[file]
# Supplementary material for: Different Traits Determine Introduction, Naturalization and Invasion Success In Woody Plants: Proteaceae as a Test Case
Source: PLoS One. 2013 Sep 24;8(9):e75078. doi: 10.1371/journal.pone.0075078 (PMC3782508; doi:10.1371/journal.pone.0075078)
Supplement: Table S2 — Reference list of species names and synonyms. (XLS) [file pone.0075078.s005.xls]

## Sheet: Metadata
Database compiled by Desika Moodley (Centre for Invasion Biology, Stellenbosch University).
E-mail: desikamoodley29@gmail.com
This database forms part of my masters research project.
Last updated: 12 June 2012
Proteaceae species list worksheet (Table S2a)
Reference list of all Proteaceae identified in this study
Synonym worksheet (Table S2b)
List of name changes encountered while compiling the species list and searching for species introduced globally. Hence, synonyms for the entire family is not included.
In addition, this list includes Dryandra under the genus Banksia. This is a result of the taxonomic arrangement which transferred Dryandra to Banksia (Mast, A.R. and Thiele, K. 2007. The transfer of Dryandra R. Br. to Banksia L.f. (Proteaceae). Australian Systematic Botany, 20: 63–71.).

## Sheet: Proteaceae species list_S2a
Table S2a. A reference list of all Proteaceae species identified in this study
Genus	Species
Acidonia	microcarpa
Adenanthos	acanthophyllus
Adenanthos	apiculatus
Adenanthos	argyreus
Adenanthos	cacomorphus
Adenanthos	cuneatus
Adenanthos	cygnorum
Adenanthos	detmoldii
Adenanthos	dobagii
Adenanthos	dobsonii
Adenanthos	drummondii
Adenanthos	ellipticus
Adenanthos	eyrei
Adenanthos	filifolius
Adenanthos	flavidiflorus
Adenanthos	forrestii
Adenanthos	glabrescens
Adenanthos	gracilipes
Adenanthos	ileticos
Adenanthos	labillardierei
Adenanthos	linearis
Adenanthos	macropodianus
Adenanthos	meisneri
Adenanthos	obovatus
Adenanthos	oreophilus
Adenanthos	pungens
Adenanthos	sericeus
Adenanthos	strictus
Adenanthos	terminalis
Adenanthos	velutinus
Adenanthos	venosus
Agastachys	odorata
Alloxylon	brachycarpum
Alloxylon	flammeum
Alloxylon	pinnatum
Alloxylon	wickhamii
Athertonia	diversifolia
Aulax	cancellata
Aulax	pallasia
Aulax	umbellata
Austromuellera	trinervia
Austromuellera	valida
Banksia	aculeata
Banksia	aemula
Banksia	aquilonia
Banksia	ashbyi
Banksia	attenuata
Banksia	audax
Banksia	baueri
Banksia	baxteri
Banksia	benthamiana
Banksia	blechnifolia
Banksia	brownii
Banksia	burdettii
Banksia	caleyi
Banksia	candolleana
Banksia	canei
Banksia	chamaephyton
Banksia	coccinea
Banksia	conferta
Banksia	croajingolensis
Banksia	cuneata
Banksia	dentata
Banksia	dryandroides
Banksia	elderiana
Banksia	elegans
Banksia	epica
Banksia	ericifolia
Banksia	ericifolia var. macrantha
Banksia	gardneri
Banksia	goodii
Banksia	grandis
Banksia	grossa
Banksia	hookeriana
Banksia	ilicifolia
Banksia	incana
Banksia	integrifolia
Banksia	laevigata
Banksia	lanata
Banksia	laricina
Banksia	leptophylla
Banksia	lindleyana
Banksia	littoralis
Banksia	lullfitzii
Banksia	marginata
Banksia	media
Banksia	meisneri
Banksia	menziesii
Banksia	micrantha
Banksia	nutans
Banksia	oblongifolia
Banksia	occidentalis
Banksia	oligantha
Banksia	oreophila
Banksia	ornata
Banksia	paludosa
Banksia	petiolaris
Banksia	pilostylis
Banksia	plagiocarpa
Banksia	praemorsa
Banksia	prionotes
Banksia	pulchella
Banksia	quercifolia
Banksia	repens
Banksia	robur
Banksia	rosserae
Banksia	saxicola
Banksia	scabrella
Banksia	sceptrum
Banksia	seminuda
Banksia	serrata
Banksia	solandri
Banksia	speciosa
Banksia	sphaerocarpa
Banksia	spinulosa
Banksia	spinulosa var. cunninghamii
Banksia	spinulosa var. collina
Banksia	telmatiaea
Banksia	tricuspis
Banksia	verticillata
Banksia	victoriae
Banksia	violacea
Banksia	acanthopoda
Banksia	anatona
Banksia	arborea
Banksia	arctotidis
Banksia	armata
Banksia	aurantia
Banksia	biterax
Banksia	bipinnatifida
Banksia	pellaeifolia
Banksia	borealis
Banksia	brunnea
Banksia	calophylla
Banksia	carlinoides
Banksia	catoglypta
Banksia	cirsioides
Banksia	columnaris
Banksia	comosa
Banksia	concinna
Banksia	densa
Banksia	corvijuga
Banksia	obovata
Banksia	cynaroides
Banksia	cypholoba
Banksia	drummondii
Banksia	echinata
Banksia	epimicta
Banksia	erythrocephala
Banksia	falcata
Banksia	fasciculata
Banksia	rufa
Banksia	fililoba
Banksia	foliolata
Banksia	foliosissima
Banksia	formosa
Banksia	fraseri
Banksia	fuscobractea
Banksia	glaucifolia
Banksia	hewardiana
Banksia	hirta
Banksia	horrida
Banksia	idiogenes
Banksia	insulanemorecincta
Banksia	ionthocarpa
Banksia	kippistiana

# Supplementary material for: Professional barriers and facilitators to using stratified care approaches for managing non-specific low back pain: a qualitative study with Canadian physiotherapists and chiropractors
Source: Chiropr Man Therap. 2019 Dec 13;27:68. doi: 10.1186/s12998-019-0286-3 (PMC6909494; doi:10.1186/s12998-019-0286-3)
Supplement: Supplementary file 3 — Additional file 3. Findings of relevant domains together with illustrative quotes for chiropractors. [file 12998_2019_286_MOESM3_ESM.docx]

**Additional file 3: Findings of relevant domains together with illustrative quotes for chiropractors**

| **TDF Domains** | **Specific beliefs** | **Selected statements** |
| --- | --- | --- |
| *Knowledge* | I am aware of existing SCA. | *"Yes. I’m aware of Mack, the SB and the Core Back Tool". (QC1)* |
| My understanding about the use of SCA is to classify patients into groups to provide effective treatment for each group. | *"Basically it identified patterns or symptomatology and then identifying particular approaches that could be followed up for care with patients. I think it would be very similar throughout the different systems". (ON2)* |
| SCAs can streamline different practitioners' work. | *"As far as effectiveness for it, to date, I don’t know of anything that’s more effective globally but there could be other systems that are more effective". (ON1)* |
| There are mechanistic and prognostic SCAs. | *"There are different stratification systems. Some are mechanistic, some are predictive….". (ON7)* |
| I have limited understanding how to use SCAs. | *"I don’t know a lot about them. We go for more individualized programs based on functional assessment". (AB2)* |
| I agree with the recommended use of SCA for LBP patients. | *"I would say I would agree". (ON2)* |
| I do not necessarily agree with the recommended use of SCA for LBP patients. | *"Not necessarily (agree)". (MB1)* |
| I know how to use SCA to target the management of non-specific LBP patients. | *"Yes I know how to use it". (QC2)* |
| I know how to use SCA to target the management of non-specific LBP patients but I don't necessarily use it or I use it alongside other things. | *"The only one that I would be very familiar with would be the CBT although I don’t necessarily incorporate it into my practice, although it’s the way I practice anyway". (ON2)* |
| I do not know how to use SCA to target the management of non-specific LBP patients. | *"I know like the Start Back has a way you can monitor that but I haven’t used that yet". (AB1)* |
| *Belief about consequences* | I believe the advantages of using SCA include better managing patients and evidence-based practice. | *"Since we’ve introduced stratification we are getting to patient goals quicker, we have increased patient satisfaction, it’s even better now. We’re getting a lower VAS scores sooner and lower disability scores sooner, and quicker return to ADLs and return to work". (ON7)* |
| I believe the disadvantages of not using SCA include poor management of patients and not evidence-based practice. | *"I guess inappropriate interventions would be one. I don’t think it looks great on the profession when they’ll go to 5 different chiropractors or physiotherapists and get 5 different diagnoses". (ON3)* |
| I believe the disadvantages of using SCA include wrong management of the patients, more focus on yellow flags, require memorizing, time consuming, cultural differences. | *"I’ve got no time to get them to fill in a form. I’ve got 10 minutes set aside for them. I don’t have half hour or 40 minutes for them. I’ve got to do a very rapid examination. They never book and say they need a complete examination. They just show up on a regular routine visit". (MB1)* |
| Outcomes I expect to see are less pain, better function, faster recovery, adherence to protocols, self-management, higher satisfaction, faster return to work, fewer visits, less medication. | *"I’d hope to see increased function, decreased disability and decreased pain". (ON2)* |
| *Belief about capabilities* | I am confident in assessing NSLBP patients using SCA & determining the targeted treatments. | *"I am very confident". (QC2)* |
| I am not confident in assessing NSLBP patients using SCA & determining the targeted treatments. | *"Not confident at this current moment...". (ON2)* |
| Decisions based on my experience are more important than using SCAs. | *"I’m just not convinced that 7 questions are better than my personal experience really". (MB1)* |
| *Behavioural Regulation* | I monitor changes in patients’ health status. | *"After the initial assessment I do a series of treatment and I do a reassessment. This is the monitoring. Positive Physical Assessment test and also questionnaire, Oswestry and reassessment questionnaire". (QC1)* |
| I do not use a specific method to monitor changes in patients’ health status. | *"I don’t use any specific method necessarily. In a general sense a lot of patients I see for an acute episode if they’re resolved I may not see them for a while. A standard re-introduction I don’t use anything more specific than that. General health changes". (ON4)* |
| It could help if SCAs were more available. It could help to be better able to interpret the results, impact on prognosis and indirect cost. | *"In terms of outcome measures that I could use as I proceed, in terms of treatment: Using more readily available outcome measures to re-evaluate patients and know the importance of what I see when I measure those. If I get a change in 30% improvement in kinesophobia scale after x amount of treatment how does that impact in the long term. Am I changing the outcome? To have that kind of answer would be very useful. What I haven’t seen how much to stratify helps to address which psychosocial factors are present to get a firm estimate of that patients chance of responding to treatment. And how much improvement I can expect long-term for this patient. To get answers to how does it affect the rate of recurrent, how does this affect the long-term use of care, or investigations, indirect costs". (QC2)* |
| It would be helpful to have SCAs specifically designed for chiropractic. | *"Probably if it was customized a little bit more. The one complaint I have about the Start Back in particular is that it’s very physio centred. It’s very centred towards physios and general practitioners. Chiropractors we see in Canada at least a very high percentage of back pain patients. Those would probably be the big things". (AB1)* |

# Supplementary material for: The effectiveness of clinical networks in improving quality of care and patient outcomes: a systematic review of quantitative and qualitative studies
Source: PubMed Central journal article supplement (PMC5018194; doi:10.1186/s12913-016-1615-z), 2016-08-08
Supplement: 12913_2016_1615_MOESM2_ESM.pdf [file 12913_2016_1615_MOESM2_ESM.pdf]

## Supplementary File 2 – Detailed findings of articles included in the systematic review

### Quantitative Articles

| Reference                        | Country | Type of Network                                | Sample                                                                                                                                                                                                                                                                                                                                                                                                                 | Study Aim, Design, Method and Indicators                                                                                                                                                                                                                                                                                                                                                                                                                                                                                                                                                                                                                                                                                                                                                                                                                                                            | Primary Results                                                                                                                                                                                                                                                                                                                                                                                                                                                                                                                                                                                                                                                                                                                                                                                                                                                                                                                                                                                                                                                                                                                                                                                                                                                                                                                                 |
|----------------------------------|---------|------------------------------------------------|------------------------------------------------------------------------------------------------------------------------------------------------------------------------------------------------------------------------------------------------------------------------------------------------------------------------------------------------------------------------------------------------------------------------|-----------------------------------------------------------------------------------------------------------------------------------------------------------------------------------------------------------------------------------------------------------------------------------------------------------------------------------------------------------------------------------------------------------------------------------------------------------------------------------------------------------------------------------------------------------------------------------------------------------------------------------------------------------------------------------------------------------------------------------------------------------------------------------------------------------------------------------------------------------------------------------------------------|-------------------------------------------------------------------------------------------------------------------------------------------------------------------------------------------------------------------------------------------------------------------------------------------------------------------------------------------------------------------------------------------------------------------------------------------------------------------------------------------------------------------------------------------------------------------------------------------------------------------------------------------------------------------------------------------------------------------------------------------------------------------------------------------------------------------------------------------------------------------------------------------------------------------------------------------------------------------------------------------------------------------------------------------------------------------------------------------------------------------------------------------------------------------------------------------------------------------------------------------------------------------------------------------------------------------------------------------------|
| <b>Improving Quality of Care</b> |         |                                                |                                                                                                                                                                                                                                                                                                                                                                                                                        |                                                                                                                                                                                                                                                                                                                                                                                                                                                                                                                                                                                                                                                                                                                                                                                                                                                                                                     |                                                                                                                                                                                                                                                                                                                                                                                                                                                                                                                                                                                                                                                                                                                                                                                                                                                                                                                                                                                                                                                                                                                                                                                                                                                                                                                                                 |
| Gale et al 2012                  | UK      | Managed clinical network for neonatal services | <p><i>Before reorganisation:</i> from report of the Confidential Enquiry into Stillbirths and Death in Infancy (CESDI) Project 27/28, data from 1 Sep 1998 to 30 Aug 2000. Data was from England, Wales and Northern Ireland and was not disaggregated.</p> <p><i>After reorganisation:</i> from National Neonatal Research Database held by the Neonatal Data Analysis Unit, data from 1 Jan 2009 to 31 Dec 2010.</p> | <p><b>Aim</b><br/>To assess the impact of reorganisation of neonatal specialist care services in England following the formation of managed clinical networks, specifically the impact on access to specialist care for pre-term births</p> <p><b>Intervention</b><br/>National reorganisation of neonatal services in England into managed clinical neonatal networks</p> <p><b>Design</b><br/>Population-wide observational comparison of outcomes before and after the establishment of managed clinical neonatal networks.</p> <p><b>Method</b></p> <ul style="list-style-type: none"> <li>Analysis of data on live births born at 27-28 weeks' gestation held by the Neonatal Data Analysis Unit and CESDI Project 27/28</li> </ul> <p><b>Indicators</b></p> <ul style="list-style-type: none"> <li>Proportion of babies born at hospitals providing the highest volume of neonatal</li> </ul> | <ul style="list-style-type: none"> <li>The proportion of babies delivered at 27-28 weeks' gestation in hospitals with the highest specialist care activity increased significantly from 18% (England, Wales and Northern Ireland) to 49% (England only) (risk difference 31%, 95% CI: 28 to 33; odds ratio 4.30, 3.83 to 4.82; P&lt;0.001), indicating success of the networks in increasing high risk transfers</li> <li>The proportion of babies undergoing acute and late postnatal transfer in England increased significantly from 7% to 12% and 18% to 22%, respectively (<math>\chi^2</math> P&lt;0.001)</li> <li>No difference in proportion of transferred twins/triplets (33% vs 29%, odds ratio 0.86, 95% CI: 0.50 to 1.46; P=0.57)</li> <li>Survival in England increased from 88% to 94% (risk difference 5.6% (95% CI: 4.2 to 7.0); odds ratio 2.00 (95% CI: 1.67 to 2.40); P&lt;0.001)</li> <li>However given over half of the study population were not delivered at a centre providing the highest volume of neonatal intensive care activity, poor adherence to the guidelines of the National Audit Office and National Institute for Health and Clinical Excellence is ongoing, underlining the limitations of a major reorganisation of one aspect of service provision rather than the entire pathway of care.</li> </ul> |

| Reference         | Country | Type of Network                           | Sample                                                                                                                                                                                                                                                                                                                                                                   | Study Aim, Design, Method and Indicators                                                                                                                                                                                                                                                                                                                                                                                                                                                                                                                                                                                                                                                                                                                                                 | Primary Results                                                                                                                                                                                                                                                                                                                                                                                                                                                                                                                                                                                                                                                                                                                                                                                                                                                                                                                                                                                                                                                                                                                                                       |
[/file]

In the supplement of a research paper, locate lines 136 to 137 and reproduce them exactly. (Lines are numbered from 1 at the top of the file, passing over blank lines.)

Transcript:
Banksia	verticillata
Banksia	victoriae